Monday, November 14, 2016

This week's C&EN

A few of this week's articles from Chemical and Engineering News
  • Cover: Fascinating write-up of the recent news surrounding the FDA's approval of eteplirsen for Duchenne muscular dystrophy. (article by Lisa Jarvis)
  • Interesting idea to use vaccines against siderophores. (article by Stu Borman)
  • More on the aftermath of Election 2016, with a look at legal marijuana and the plastic bag ban in California. 
    • I hadn't heard about the plastic bag ban - that's bad for someone...
  • Very interesting overview of the Li-ion battery space by Mitch Jacoby, with an eye towards removing flammable organic solvents from them. 

5 comments:

  1. Plastic bag ban is annoying....yes, fine, it's only a dime per bag which I don't care about financially but (having grown up a free bag world) I'm still irked.

    Would be interesting to see if there are any data that these bans accomplish anything. My guess is no difference in plastic use (stores sell fewer bags with more plastic in them).

    Just another example that https://www.youtube.com/watch?v=kWdfRRtAs3o

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    1. Here you go: http://mrsc.org/getmedia/d4703f1e-2ab4-4bfd-9f0a-98ca5ca32b44/s42plastic.pdf.aspx
      (Report on Seattle's plastic bag ban for most stores/applications)

      "Between 2010 and 2014, the amount of plastic bags in residential garbage declined from 262 tons to 136 tons, a nearly 50% decrease over a four year period."

      That said, for a city the size of Seattle, it's kind of a drop in the bucket. For reference, in 2016 the City of Seattle produced 150,835 Tons of solid waste for landfill. In context, plastic bags as a percentage of landfill waste decrease from 0.2% to 0.1%. In comparison, in 2016 Seattle diverted 80,175 Tons of solid waste through municipal composting, representing a 35% mass savings compared to if the waste had instead been sent to a landfill. Honestly, I like composting and I don't like the plastic bag ban, and the numbers just don't support it the ban either, especially when compared against the waste diversion provided by municipal composting.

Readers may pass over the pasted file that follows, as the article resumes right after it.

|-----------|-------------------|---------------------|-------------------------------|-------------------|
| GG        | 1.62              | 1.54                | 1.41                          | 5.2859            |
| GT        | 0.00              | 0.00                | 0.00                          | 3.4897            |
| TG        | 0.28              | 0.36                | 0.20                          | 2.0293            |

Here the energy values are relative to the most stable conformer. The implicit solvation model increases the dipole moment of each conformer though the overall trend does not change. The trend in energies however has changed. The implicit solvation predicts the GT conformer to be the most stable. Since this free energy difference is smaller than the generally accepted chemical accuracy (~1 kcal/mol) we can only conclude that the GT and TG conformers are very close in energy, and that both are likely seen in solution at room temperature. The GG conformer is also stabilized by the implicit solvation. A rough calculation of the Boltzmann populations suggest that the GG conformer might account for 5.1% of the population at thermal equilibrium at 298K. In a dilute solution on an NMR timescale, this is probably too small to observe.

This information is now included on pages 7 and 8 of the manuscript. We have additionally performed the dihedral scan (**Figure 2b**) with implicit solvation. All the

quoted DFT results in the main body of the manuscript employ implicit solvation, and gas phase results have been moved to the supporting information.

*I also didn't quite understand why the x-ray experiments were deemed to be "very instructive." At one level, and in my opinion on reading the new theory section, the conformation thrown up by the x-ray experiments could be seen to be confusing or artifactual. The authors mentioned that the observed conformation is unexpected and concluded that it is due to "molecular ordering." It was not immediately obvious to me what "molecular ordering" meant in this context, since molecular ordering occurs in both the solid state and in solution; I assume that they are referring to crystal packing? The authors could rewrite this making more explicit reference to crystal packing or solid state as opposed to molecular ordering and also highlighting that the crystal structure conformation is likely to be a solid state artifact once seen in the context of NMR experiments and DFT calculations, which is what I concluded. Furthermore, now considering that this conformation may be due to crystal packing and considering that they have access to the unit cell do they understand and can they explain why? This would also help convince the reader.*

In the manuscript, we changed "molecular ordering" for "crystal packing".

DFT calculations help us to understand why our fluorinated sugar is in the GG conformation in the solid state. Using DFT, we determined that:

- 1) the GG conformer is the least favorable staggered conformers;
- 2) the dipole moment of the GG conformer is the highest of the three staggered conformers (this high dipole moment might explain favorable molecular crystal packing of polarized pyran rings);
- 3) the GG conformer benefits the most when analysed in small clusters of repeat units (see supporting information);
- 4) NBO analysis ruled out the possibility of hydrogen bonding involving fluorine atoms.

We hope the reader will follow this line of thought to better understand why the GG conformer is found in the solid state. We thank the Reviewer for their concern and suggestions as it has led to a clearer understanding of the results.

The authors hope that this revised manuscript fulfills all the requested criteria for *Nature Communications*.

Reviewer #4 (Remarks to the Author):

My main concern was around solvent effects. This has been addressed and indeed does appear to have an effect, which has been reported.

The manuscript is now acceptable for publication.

For those interested in data over anecdote/opinion, much is available from the City of Seattle: http://www.seattle.gov/util/Documents/Reports/SolidWasteReports/index.htm

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    2. I don't know how much is plastic bag makers harnessing people's dislikes, but it does mean that stores can pass on whatever costs for bagging to their customers and blame it on the state. They don't carry paper - and if they do, they charge.

      Plastic bags are pretty mobile, but I don't know what fraction of plastic waste in the ocean or ground they make up. I would assume that most heavy plastic waste ends up in landfills, while lots of bags could end up elsewhere (as actual pollution), but I don't actually know, either what fraction of bag material ends up in the (open) environment (as opposed to landfills) or what fraction of environmental plastic waste bags make up.

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    3. Though the UK is on track for an 83% fall in 'disposable' bag use after introducing a charge (http://www.bbc.co.uk/news/science-environment-36917174) I haven't seen any data on overall plastic consumption. Anecdotally, however, I should not have been surprised as I was to find the 'Bags for Life' that supermarkets sell instead littering the roads in a similar way to the old-style ones did.

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  2. Resident of a coastal CA city here. Leading up to the vote, campaigning for the plastic bag ban focused not on preventing bags from ending up in landfills but rather the ocean. Not sure how you provide data on amount of plastic floating around in the water.

    The annoying part is grocery stores stopped carrying plastic bags the day after the election. Law isn't in effect yet!

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